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Staff experiences of pupils’ self-harming behaviour in an independent girls’ boarding school: an IPA analysis

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posted on 2023-06-09, 06:18 authored by Emma Louise Margrett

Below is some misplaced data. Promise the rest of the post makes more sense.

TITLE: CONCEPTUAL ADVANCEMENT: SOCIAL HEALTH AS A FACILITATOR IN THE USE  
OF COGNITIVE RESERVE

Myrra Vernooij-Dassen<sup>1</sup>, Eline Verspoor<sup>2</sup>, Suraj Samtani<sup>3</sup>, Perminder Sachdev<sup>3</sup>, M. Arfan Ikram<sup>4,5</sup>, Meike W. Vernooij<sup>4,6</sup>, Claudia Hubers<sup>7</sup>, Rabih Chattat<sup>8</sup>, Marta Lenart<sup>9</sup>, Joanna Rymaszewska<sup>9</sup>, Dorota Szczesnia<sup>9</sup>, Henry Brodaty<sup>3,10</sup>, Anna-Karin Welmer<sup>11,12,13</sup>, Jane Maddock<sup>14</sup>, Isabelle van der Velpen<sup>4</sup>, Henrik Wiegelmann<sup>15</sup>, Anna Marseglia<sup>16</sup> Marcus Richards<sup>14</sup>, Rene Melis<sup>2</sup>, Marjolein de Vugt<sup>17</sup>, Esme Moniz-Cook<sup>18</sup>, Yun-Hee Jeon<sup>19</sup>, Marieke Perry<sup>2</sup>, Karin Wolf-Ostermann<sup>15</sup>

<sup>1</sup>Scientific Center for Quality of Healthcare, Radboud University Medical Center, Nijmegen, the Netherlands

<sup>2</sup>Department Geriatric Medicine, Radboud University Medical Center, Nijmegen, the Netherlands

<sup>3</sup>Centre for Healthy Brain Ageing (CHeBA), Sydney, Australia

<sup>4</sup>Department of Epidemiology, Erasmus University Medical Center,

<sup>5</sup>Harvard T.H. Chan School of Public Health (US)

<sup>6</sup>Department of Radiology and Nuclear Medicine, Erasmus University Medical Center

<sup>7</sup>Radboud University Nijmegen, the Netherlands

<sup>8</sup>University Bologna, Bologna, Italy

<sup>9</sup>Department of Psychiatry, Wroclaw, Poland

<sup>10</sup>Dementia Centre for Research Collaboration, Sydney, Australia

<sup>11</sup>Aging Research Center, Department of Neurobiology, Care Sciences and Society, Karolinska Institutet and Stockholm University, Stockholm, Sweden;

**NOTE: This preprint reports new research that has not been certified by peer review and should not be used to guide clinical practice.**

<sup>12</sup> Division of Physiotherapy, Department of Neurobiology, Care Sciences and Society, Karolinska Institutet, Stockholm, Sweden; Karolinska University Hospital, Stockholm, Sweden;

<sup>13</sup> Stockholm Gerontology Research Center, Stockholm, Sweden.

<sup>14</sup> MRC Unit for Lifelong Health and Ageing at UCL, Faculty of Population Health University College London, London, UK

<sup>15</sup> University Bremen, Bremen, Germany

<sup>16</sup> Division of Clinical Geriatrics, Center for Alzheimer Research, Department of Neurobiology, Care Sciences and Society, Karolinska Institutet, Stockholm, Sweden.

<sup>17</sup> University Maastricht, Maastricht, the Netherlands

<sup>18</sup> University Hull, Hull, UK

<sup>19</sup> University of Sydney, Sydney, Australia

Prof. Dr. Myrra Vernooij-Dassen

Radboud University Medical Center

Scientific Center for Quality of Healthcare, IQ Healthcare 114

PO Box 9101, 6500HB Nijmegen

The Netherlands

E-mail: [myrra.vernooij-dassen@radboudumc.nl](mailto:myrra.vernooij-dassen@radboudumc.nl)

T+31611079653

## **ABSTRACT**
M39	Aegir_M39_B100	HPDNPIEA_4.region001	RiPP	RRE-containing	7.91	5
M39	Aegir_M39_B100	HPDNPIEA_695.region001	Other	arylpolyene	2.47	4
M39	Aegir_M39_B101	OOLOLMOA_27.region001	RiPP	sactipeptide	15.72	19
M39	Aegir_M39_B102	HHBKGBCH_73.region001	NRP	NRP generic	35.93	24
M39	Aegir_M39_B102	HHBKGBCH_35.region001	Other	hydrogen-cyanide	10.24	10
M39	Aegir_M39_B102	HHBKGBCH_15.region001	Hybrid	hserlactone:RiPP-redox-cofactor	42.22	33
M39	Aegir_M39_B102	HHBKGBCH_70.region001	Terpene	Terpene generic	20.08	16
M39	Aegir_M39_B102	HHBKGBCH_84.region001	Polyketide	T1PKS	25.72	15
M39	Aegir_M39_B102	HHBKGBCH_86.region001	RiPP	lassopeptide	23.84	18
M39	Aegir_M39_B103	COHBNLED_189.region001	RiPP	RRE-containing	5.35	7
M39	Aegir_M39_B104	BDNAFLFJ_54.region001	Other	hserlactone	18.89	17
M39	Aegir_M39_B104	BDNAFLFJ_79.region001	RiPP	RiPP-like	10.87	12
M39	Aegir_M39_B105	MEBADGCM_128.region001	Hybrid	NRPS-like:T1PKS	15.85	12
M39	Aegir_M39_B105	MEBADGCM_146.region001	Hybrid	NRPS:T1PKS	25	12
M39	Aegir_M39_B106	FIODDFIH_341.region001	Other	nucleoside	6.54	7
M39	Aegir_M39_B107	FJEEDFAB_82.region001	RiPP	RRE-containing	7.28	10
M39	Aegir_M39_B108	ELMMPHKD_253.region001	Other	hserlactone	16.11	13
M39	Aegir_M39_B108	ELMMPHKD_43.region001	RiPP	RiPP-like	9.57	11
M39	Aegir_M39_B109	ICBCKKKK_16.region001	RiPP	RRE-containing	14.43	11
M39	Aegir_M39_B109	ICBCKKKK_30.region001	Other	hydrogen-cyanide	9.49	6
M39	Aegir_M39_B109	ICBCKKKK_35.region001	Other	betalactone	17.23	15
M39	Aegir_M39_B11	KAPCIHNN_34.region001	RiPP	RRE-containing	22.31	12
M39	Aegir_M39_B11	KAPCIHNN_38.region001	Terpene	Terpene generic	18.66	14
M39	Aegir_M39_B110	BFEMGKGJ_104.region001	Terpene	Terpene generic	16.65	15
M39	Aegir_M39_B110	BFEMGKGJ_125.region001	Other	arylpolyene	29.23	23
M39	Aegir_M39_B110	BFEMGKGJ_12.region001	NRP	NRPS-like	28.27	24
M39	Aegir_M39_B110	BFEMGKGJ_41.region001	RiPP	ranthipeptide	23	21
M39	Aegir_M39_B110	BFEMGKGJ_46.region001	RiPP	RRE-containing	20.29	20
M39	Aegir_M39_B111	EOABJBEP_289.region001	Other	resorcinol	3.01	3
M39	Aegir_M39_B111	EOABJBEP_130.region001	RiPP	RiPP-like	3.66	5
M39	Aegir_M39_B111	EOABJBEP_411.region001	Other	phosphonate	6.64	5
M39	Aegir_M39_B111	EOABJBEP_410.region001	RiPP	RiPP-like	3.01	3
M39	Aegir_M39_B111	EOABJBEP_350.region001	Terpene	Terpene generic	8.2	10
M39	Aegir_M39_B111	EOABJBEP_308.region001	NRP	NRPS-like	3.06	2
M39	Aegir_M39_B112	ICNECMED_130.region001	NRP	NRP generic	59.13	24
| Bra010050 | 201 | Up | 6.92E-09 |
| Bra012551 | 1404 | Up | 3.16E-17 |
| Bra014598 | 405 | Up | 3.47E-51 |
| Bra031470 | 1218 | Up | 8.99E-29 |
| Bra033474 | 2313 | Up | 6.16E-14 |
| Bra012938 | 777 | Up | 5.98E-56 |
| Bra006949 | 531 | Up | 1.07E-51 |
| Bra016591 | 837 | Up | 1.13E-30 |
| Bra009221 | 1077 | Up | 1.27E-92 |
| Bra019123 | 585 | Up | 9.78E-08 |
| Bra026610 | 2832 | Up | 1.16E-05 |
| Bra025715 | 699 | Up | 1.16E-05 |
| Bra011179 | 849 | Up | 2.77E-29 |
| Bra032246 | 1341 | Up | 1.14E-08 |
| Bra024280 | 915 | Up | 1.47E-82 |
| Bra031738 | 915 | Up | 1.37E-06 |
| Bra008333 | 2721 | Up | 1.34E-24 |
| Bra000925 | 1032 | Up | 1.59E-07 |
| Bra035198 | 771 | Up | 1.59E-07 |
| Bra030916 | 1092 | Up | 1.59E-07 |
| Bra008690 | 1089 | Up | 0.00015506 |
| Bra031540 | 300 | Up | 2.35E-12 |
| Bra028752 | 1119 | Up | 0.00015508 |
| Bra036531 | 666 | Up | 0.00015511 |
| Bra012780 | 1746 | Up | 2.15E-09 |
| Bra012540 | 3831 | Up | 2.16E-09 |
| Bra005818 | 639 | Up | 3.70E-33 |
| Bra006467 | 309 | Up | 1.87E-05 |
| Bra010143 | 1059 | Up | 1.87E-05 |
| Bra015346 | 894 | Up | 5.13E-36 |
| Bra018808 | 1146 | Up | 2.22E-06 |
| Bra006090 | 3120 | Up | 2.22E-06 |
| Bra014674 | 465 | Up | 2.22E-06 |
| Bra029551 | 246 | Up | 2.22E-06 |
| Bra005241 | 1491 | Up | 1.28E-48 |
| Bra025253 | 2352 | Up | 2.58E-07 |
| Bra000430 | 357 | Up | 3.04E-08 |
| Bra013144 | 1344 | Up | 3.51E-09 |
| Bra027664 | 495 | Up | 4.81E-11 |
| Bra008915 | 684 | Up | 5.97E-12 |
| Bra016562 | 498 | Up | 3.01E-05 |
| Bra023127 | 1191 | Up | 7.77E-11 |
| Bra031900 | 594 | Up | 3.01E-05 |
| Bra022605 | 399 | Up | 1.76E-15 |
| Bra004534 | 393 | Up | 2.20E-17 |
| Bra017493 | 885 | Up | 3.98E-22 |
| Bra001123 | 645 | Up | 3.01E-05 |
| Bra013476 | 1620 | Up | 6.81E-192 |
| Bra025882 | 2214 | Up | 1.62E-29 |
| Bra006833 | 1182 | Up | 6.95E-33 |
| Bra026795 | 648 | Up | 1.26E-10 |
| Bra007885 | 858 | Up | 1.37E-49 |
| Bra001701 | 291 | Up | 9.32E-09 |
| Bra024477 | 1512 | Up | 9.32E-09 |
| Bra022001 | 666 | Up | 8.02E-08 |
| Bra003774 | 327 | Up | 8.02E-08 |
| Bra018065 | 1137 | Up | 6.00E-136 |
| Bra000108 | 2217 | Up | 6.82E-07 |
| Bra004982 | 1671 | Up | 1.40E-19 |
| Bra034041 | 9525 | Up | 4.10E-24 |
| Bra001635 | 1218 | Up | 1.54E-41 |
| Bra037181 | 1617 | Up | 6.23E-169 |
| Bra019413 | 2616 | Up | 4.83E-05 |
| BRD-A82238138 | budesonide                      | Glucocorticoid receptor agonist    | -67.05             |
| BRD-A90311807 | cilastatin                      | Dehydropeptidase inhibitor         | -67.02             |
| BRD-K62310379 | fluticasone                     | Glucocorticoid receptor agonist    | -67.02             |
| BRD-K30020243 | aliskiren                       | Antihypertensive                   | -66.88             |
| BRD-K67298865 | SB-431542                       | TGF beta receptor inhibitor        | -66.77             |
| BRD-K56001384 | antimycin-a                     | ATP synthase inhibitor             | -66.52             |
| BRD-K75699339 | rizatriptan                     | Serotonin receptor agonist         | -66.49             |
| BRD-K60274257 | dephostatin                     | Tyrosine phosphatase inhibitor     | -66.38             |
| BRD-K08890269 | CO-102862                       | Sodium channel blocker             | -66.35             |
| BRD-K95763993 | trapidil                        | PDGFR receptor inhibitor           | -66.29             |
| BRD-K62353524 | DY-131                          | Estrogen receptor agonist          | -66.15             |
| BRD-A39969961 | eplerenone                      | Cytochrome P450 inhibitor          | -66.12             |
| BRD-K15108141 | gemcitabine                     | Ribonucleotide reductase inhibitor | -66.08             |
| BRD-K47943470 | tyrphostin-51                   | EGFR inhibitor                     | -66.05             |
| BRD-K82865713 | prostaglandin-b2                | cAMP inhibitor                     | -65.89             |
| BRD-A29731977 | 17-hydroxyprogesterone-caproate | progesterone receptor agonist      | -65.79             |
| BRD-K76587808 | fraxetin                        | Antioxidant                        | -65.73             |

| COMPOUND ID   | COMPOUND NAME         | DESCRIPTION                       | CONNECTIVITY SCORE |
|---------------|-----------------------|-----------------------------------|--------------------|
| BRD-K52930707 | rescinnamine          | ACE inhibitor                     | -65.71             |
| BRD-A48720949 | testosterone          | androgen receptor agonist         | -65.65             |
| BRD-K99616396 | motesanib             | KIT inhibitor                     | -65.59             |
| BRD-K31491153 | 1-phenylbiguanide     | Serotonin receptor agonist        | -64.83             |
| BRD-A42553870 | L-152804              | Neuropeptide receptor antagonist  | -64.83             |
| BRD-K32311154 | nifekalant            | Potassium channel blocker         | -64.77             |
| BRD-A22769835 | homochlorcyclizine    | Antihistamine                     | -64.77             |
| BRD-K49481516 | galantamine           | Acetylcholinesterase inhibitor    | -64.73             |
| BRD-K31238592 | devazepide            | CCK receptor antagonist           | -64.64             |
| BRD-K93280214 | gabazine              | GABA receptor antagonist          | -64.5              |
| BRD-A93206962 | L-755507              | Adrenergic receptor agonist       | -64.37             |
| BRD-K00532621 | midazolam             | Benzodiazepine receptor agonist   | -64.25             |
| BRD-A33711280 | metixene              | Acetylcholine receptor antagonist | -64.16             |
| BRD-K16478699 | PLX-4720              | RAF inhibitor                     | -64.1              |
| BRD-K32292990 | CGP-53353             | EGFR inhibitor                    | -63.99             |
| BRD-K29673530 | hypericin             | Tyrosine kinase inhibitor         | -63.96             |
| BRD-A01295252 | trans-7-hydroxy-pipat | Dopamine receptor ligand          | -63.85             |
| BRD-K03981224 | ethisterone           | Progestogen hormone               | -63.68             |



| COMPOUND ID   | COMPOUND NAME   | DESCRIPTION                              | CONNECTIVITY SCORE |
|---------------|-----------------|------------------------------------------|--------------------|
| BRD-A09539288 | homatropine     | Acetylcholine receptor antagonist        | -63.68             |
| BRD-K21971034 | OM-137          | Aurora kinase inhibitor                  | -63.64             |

In recent years there have been a number of pieces of research published which suggest that the phenomenon of self-harm in adolescence is increasing (Hall & Place, 2010, Beauchaine et al.,2014, Garcia-Nieto et al., 2015). Heath et al., (2006) found that a majority of school teachers shared this view. In their study, 74% of teachers reported a first-hand encounter with self-injury. The subject of self-harm is also receiving more media coverage in mainstream newspapers and magazines (Dutta, 2015 & Money-Coutts, 2015), suggesting a rise in public consciousness about mental health issues such as self-harm. The extent of mental health problems amongst adolescents has also been publicly acknowledged by the Department of Health, who state that “Over half of mental health problems in adult life (excluding dementia) start by the age of 14 and seventy-five per cent by age 18” (2015:9). Research into adolescent self-harm has suggested that the most likely age for adolescents to commence self-harm is within the 10-15 years age bracket (Garcia-Nieto et al., 2015 & Hanania et al., 2015) demonstrating that many adolescents are self-harming at an age where they are expected to be in school for the majority of their time. However, in studies of teachers, a ‘patchy’ awareness of self-harm has been demonstrated (Best, 2005a; 2005b), and a lack of ability to know how best to deal with the situation, should it present itself, has been acknowledged by teachers in a number of research articles (Hall & Place 2010; Heath et al. 2006 and Kidger et al., 2010). This issue was discussed further in my Critical Analytical Study (Margrett, 2014). This study is guided by two main questions; firstly, “what are the experiences of independent school staff of pupil disclosures of self-harm?” and secondly, “how well equipped do independent school staff feel to deal with pupil disclosures of self-harm?” Interviews with four subject teachers, two housemistresses, and a school matron were conducted as a participant researcher within one girls’ independent boarding school. The interviews were analysed through the use of Interpretative Phenomenological Analysis (Smith, Flowers and Larkin, 2013) and findings were synthesised with some of the key concepts found in the work of Foucault (1982; 1977/1991) concerning discourses of power, knowledge and truth. Five main superordinate themes emerged from the analysis of the data: knowledge and awareness of self-harm; reasons why pupils have self-harmed; the hidden nature of self-harm; personal responses to self-harm disclosure by staff; lack of training and support; and reasons for participating. The study finds that within the small sample interviewed, the participants demonstrated a lack of confidence in their own understanding of the term ‘self-harm’, but a wide experience of pupil self-harm disclosures. It suggests the need for the training of all staff, not just key pastoral staff, in dealing with pupil disclosures of self-harm; and the requirement for schools to develop a self-harm policy (Robinson et al., 2008) and clear guidelines for referral and follow-up of disclosures of self-harm. It also supports the concept of supervision style meetings for school staff to have the ability to discuss their own anxieties and concerns about pupil behaviour (Best, 2005a & 2005b). Finally, the study examines how staff and parental avoidance of self-harm can lead to the development of concentric circles of complicit secrecy surrounding the pupil who is self-harming. It considers how ‘over-parenting’ and ‘spoon-feeding’ of educational concepts may be damaging pupils’ ability to manage their fear of failure and suggests that this may lead to a lack of resilience and a lack of an ability to deal with problems effectively (Lahey, 2015) particularly when pupils feel that they do not conform to the accepted norms of society (Foucault, 1977/ 1991).


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